On Monday morning, with Mr. Market feeling glum, even the announcement that oilfield services company Baker Hughes (NYSE:BHI) intended to buy its former spinoff BJ Services (NYSE:BJS) for $5.5 billion couldn't turn the mood around.

BJ's shareholders will receive about a 16% premium over what the company's shares closed at last Friday. Specifically, they will get 0.40035 shares of Houston-based Baker Hughes, along with $2.69 in cash for each share of BJ held. Once the acquisition is completed, BJ Services stockholders will hold about 27.5% of Baker Hughes shares. Baker Hughes has forecast $75 million in annual cost savings for 2010 and twice that amount in 2011. The combination is expected to add to Baker Hughes' earnings that same year.

I wouldn't be at all surprised if this first major services combination of 2009 weren't simply the initial shot out of the gun for other purchases in the oilfield services group.

But the key for now is the "fit" between Baker and BJ and the "why" of the merger. From my perspective, the key is the increased integration that BJ's pressure pumping operation affords to Baker Hughes, an area that it currently can't really offer, but the two largest oilfield service companies, Schlumberger (NYSE:SLB) and Halliburton (NYSE:HAL), can.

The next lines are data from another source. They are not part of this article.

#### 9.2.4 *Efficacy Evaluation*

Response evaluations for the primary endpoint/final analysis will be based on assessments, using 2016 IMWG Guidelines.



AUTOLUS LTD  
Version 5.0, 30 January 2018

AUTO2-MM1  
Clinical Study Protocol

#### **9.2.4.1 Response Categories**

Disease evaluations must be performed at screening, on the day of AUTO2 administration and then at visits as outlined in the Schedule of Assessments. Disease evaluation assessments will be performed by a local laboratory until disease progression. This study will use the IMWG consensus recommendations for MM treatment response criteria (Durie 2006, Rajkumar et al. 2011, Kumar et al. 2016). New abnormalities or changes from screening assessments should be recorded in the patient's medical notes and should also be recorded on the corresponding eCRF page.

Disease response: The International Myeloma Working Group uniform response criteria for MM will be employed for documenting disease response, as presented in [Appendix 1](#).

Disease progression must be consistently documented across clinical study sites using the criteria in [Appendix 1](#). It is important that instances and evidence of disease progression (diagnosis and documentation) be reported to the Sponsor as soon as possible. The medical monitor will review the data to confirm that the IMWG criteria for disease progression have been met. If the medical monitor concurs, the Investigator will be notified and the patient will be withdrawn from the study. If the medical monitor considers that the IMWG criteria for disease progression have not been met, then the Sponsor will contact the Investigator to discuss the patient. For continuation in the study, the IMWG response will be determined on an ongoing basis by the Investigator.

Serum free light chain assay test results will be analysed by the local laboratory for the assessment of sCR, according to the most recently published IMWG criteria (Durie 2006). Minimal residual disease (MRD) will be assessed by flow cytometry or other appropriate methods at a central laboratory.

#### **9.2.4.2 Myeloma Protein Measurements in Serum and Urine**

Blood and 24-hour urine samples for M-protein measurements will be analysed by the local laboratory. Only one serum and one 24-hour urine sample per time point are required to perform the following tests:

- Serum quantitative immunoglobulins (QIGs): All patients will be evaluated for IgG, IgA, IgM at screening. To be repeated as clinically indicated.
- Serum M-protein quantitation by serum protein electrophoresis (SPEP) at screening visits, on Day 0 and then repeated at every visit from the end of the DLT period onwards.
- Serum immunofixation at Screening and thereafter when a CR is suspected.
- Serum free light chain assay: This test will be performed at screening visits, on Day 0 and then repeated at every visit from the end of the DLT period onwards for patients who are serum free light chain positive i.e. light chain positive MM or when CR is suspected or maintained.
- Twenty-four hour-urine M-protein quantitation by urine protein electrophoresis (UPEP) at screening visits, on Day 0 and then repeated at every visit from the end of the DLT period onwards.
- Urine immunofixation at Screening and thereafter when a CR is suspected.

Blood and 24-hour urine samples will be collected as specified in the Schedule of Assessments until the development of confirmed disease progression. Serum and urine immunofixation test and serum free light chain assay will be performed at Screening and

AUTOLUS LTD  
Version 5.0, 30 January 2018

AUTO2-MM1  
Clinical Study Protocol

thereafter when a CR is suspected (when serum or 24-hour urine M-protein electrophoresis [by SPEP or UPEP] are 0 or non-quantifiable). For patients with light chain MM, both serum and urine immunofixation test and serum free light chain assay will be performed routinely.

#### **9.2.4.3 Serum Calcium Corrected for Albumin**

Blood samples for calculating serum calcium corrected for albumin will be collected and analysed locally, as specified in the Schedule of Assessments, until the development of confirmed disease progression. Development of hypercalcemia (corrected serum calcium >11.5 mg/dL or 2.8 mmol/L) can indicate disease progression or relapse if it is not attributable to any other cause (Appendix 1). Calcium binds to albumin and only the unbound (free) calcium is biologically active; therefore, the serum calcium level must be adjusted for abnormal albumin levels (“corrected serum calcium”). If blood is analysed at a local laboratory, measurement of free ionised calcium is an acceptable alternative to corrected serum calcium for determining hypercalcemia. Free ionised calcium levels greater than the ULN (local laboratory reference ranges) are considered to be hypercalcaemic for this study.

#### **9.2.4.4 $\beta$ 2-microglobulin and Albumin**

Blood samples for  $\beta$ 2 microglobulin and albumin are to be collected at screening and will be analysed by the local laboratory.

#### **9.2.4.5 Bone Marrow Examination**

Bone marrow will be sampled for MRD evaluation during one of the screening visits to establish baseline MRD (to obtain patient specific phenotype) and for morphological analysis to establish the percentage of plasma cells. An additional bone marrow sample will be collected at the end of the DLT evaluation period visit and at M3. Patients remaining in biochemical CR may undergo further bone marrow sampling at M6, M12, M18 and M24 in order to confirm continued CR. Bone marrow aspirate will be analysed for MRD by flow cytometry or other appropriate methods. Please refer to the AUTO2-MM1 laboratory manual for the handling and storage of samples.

Indeed, last year pressure pumping represented a minuscule 1% of Baker Hughes' business. But after the companies merge, that relative weighting should increase to about 20%. Besides allowing Baker Hughes to compete for projects that require pressure pumping, one additional result should be an increase with which Baker is able to garner contracts from the operators that want to see one company handle a project from beginning to end.

In the meantime, I'm inclined to suggest that Fools watch Baker Hughes very carefully. I won't admit to the number of years I've followed the company, but it has typically been a top-notch organization. I only see that categorization improving with its new acquisition.

Indeed, Baker Hughes has been awarded five stars by Motley Fool's CAPS players. Why not drill down with your assessment of the company?

Fool contributor David Lee Smith doesn't own shares in any of the companies mentioned. The Fool has a disclosure policy.